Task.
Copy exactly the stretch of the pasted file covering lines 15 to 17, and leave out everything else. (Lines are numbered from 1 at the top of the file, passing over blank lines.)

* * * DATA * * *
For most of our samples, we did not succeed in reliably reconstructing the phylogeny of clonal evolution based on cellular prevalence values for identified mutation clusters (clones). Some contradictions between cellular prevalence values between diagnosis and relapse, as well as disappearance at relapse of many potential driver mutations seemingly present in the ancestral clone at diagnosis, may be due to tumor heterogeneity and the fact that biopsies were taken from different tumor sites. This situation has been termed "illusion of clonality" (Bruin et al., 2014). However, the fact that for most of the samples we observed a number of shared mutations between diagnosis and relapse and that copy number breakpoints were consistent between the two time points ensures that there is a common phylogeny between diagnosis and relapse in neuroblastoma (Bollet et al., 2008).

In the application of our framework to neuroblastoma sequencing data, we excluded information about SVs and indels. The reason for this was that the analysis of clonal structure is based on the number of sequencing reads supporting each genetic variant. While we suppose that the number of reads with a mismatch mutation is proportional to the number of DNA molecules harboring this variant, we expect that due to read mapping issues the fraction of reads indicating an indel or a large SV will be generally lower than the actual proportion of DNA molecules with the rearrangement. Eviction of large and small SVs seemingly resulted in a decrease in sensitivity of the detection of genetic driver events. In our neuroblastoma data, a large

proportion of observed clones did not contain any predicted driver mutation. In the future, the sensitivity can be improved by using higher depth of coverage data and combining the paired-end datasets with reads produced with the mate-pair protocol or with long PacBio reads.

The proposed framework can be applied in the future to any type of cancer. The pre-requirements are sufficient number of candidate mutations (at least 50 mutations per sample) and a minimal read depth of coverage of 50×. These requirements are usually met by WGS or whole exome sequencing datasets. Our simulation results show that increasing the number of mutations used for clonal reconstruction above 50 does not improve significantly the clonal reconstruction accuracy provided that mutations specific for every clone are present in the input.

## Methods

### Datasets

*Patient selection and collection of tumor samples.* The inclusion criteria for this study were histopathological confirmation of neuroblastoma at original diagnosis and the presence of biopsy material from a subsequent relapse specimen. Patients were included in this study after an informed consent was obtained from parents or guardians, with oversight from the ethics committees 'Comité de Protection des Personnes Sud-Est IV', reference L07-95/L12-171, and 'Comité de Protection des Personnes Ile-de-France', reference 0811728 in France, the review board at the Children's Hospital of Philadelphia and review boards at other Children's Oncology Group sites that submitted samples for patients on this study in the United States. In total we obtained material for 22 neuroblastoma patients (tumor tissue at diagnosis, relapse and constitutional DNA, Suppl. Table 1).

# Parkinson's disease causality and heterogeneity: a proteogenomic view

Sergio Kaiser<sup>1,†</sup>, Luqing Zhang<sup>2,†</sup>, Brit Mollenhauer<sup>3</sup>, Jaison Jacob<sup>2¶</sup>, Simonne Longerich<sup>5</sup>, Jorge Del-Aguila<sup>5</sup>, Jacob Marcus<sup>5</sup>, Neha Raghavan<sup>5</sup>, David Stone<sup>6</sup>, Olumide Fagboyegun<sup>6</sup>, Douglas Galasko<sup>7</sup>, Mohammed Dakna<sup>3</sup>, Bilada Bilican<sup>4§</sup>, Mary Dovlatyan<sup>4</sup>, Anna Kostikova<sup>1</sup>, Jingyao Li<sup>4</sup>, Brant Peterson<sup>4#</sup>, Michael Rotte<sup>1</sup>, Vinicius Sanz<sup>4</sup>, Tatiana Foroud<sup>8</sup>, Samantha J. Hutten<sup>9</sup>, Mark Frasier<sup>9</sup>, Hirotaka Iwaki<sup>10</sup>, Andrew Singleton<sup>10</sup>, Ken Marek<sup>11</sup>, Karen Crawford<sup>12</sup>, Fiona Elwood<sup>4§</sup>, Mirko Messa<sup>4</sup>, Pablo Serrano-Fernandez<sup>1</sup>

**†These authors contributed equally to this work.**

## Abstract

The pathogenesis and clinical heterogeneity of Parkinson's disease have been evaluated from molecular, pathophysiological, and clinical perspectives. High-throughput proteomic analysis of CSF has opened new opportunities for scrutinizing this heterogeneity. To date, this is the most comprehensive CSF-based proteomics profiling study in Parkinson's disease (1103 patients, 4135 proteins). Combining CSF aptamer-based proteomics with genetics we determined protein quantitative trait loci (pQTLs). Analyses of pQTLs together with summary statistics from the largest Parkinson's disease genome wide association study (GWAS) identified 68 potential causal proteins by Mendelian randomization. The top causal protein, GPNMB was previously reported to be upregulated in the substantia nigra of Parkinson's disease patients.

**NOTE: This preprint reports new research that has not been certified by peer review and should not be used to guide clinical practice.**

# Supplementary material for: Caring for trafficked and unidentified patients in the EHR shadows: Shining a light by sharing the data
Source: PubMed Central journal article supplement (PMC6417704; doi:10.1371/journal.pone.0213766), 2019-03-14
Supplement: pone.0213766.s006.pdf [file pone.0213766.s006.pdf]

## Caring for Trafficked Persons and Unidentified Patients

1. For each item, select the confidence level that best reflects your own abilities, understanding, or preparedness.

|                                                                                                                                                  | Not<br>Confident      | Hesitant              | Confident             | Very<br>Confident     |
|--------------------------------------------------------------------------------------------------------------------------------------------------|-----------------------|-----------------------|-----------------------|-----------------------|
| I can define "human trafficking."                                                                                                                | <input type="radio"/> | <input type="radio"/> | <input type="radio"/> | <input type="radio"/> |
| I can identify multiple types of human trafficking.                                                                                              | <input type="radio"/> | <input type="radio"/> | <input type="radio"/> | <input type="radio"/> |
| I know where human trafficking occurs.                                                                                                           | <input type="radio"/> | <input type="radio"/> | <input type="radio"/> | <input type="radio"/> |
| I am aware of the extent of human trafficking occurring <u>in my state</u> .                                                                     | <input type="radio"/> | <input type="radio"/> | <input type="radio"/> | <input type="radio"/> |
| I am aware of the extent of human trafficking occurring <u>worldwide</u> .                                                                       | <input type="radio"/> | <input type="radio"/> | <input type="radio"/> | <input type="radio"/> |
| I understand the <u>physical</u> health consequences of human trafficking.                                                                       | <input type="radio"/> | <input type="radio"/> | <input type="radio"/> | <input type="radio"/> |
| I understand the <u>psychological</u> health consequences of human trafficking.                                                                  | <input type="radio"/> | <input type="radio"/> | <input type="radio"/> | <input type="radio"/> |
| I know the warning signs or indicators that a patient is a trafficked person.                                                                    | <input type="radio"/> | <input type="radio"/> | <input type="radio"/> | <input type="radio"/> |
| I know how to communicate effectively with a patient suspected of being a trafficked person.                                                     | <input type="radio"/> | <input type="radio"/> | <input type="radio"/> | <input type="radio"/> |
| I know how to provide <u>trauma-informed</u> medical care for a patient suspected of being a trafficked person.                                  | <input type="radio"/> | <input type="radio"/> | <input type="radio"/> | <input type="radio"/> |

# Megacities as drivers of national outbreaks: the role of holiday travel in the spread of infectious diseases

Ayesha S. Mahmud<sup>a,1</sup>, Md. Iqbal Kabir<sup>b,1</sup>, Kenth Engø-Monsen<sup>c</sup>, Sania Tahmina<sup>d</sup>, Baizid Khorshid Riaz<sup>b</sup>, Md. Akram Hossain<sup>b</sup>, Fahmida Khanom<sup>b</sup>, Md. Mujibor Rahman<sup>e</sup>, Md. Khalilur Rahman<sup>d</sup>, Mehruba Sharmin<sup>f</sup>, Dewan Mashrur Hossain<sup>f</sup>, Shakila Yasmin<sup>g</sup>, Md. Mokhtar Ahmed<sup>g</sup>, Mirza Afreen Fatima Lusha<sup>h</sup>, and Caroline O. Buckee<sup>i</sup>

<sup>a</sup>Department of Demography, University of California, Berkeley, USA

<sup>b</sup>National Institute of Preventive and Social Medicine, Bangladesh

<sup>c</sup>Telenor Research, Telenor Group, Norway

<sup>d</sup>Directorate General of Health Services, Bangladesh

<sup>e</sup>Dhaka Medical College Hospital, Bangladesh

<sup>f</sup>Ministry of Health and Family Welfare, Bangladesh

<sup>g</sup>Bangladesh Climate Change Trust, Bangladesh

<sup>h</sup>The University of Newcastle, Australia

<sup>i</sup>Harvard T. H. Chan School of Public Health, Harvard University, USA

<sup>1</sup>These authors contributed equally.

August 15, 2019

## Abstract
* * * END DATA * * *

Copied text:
Source: PubMed Central journal article supplement (PMC6417704; doi:10.1371/journal.pone.0213766), 2019-03-14
Supplement: pone.0213766.s006.pdf [file pone.0213766.s006.pdf]

## Caring for Trafficked Persons and Unidentified Patients